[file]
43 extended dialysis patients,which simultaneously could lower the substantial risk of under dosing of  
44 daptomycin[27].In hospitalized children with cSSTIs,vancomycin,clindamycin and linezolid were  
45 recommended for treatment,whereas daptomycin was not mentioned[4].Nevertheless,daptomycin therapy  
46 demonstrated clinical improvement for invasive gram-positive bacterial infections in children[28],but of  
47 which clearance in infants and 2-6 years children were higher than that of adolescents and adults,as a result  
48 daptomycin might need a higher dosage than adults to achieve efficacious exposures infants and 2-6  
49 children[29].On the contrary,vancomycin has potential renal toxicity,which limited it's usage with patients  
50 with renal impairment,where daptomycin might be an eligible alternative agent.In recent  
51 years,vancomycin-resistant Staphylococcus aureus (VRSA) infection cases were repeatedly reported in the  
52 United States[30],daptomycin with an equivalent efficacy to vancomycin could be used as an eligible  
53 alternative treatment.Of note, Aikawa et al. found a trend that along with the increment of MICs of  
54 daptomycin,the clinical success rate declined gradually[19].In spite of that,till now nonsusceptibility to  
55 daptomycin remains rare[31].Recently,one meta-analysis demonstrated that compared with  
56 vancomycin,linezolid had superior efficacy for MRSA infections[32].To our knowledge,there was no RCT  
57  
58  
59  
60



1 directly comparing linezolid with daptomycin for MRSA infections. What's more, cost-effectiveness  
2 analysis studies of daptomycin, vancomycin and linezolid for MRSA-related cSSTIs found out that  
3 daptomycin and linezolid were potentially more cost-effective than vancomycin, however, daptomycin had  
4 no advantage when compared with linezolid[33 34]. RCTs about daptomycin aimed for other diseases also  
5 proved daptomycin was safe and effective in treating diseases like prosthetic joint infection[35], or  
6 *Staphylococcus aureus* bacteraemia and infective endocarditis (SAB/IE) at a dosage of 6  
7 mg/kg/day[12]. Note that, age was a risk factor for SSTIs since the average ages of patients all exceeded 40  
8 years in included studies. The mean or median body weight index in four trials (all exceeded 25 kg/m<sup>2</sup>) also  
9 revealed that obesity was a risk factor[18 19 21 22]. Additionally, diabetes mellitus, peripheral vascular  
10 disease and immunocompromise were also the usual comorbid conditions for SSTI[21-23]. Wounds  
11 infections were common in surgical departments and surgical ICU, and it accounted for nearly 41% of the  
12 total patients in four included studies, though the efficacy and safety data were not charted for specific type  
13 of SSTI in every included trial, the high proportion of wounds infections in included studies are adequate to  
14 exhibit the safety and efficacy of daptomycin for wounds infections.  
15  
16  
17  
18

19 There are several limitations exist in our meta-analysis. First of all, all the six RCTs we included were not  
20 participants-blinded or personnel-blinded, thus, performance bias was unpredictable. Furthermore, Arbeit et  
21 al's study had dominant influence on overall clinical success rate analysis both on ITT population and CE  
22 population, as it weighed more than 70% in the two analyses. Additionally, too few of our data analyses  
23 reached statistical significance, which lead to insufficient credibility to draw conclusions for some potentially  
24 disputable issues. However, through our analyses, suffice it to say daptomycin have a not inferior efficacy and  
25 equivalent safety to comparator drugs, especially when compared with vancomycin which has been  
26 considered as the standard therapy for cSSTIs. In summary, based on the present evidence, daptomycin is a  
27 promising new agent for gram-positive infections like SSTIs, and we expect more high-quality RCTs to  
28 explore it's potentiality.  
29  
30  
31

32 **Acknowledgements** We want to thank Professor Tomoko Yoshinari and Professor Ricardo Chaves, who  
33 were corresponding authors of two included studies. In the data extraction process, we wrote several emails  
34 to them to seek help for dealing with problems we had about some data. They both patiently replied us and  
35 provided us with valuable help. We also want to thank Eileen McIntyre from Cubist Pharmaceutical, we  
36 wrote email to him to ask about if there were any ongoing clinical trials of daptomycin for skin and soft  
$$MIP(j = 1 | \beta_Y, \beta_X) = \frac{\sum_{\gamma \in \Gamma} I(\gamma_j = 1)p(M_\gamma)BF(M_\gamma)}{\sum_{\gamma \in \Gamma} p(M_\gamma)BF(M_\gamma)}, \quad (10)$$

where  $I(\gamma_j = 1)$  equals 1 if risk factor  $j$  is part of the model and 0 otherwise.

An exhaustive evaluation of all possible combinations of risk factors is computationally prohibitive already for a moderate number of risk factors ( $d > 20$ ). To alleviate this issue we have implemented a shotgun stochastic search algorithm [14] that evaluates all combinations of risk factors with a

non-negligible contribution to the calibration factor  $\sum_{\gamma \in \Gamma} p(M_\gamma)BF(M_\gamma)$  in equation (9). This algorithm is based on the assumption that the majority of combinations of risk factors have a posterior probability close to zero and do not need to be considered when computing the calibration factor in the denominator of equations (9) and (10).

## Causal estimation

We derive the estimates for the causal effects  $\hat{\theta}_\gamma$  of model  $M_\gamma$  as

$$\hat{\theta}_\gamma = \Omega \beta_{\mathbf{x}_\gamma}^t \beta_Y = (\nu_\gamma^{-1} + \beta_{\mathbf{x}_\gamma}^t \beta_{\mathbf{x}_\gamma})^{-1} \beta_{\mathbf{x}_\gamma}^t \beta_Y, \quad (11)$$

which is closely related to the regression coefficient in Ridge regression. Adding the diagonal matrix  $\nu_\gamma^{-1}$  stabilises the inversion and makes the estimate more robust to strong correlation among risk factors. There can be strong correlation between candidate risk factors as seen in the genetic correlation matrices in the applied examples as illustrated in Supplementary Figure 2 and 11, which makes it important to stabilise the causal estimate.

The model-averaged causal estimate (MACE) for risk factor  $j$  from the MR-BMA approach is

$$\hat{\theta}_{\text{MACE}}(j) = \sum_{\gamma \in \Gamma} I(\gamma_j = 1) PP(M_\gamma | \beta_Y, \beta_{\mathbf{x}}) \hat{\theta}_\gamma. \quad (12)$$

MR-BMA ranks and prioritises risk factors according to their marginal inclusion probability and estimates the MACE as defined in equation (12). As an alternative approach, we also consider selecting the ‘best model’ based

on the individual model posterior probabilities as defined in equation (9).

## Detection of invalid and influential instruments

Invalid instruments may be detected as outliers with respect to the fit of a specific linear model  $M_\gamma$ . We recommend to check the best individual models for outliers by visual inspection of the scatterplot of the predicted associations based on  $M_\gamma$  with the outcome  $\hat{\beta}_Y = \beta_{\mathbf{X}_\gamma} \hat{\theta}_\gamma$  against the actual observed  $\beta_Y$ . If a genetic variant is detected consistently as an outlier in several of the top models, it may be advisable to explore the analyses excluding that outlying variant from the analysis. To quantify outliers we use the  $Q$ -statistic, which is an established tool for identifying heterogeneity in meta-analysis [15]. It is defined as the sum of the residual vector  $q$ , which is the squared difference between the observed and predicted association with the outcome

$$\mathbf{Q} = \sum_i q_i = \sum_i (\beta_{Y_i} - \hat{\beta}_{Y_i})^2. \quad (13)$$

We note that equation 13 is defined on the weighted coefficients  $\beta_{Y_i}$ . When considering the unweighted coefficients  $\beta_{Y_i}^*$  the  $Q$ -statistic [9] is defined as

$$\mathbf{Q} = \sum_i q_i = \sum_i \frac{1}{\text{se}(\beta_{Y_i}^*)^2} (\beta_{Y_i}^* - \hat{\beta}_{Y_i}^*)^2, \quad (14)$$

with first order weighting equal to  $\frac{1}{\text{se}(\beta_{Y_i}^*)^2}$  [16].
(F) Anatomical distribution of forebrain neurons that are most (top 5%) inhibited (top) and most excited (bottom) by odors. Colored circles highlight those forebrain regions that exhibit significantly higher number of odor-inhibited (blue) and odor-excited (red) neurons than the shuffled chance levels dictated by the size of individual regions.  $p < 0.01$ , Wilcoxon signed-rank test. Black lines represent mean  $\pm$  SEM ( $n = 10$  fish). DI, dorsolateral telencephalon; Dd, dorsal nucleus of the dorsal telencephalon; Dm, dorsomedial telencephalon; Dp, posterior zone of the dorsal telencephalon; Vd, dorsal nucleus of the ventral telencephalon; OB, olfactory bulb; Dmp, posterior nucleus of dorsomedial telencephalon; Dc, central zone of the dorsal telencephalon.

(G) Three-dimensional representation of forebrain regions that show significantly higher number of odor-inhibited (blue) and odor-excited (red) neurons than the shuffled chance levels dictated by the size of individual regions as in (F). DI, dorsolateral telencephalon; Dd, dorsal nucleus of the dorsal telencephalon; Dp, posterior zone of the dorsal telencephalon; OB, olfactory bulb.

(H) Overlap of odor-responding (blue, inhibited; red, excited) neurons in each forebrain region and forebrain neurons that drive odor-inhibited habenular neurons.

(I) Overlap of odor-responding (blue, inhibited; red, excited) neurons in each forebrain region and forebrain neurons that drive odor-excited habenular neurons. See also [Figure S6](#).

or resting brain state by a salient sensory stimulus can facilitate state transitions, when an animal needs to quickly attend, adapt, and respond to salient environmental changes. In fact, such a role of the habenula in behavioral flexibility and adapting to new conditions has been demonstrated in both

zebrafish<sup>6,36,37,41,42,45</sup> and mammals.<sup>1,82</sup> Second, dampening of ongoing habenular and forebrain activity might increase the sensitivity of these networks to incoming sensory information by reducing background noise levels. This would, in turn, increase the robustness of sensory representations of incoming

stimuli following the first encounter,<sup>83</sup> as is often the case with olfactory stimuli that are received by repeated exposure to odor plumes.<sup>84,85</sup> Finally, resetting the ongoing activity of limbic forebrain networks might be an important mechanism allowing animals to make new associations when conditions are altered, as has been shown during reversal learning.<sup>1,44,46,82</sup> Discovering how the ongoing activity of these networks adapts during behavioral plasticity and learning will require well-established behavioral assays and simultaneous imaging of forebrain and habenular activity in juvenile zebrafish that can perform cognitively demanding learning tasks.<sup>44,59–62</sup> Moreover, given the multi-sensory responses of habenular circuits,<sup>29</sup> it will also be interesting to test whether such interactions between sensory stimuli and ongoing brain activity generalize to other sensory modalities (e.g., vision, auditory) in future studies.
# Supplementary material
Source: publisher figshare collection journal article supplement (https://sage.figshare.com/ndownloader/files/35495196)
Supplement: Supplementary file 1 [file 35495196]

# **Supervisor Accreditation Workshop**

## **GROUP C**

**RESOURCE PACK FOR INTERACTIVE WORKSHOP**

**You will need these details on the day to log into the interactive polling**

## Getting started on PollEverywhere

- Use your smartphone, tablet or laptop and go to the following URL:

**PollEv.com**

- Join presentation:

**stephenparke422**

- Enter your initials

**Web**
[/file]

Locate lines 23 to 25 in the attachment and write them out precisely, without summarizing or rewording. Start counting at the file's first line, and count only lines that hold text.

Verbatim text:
5 proved daptomycin was safe and effective in treating diseases like prosthetic joint infection[35], or  
6 *Staphylococcus aureus* bacteraemia and infective endocarditis (SAB/IE) at a dosage of 6  
7 mg/kg/day[12]. Note that, age was a risk factor for SSTIs since the average ages of patients all exceeded 40  